I know that the police (at least in London) are making an effort to crack down on that, e.g. with Operation Cubo: every so often they do spot checks, and impound the vehicle if the driver isn't licenced/insured. This included a few flashy cars, e.g. a Ferrari in 2012 and a Lamborghini in 2013. However, according to The Guardian, the fine is typically only £300, and one of the comments said that you get the car back after you've paid the fine and a storage fee. So, I think that keeping the car permanently might be more of a deterrent, although that depends on the value of the car.

I'd be happy for the police to do more enforcement and/or for the courts to hand out harsher penalties; maybe speed cameras could be upgraded so that they can read the licence plate (ANPR), cross-reference it against the database, and flag it up to any police cars in the area, or something along those lines.

I also agree with you that we shouldn't change the system solely based on this single incident. However, that was just the catalyst for this post. I think that there are other drivers out there who no longer meet the vision requirements, and that may contribute to "SMIDSY" (Sorry Mate I Didn't See You There). The problem is that it's difficult to know how many people are in that category unless you do extra testing. As a first step, I'd be happy for the police to do some random spot checks on this, to see how prevalent it is.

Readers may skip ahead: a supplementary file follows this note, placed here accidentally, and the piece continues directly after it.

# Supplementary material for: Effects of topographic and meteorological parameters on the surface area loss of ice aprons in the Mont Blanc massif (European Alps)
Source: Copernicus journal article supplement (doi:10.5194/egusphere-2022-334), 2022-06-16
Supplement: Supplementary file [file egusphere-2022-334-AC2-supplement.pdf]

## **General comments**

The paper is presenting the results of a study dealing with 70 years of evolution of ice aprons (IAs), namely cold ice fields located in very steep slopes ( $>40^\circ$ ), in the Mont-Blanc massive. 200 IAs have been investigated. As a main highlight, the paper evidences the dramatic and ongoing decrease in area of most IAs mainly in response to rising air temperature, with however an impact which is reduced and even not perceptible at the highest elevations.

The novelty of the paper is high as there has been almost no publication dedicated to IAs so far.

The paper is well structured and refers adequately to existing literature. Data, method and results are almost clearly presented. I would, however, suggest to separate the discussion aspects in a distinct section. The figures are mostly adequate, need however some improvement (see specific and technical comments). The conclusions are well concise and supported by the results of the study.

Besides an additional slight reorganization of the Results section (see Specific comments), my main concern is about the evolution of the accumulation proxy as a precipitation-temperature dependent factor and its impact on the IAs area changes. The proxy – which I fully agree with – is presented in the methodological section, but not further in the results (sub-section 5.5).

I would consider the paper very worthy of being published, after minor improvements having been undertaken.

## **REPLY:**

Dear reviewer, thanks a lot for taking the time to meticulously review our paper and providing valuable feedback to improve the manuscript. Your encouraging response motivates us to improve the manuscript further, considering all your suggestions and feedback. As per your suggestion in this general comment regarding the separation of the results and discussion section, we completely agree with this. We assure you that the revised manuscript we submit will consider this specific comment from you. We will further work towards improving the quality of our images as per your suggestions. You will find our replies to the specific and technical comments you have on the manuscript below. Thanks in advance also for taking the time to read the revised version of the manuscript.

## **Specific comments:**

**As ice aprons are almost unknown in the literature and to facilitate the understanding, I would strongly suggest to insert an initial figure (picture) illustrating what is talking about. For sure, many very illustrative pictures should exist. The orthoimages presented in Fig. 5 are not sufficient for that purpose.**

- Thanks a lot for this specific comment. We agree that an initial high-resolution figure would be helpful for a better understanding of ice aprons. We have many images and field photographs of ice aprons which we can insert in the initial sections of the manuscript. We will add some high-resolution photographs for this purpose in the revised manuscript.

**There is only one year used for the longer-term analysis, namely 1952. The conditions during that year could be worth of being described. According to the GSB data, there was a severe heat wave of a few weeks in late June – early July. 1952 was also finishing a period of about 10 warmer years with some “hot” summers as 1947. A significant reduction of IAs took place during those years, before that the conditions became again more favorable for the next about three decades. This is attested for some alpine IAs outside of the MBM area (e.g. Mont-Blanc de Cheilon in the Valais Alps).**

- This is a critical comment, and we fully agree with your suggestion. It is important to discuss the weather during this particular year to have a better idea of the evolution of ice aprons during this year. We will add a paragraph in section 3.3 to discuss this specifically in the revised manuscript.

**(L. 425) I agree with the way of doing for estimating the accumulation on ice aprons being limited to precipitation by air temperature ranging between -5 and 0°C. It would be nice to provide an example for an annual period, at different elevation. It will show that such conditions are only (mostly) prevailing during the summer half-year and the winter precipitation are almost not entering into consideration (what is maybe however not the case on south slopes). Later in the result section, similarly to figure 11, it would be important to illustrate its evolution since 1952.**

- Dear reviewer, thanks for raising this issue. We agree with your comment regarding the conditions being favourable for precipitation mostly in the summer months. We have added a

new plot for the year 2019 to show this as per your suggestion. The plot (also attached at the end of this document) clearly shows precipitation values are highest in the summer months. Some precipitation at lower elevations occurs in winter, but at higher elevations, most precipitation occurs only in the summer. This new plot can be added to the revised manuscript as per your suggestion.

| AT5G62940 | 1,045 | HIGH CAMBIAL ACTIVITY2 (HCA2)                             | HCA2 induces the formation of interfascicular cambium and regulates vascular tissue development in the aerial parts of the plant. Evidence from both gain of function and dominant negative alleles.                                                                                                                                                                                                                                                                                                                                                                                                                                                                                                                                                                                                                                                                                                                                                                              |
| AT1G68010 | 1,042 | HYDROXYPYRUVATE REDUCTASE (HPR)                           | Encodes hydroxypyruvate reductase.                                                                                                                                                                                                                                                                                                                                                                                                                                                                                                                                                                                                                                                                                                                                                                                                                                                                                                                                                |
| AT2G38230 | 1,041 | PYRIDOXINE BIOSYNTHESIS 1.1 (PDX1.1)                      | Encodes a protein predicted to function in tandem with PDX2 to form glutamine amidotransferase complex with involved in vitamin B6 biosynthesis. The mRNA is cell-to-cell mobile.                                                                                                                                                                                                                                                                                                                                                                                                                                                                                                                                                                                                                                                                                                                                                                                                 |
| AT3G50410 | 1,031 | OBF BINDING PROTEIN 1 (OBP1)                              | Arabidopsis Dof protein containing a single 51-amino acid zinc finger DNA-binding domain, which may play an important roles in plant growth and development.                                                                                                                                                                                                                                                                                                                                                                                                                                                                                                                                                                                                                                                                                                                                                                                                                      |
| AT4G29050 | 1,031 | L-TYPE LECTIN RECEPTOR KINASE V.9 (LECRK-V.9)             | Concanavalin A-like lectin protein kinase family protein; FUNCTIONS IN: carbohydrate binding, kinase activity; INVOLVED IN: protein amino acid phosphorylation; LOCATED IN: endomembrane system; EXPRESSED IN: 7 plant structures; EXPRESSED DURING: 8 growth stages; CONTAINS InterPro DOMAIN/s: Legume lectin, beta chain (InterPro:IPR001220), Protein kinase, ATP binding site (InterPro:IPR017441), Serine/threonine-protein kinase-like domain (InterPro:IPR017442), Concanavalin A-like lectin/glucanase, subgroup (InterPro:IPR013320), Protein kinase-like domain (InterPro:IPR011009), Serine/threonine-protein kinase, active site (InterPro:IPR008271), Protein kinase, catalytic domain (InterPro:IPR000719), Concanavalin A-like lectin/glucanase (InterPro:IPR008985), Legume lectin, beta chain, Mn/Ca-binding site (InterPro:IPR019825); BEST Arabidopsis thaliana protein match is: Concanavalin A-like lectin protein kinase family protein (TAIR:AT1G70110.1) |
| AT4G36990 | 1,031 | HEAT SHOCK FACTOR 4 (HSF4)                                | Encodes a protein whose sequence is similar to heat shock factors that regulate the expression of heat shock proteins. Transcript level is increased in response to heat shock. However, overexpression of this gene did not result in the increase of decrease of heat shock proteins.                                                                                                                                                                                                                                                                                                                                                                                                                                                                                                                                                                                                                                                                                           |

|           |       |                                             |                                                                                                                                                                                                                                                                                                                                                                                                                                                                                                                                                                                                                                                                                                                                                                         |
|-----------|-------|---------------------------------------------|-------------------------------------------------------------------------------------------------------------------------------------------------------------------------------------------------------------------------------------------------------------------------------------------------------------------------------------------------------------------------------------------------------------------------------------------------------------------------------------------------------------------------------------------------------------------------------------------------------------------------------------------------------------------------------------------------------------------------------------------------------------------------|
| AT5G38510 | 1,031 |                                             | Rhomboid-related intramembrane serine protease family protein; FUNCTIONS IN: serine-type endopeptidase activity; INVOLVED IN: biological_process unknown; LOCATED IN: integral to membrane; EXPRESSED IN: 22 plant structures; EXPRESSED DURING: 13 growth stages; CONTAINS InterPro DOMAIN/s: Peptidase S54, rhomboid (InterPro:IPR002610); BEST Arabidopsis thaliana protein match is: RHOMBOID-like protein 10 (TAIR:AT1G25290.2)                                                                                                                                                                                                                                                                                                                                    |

I don't agree that we should avoid raising the standard because people are just going to drive anyway. By that logic, we shouldn't hand out any driving bans or put points on people's licences for dangerous activity (e.g. drink driving or holding a phone). After all, those people are still physically capable of getting into a car and driving around.

I mentioned GCSEs (and computer exams) because I certainly get rusty if I don't use a skill for a certain period of time. Similarly, certain skills get out of date. I'm not suggesting these tests as an arbitrary way of filtering out poor people, I'm suggesting them because I think that people need to pass them in order to be safe and competent drivers.
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From:elvum
Date:January 10th, 2014 01:36 pm (UTC)
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The correct solution is "self-driving cars", IMO. Might take a bit longer, mind.
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From:johnckirk
Date:January 10th, 2014 03:32 pm (UTC)
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I think that will certainly help. I assume that even when those cars are available/legal, they will still have to co-exist with human controlled vehicles (e.g. bikes), so traditional cars won't disappear for a while (if ever). However, people may be more willing to accept extra driving tests if there's an alternative, i.e. "if you don't want to do these tests then switch to a self-driving car".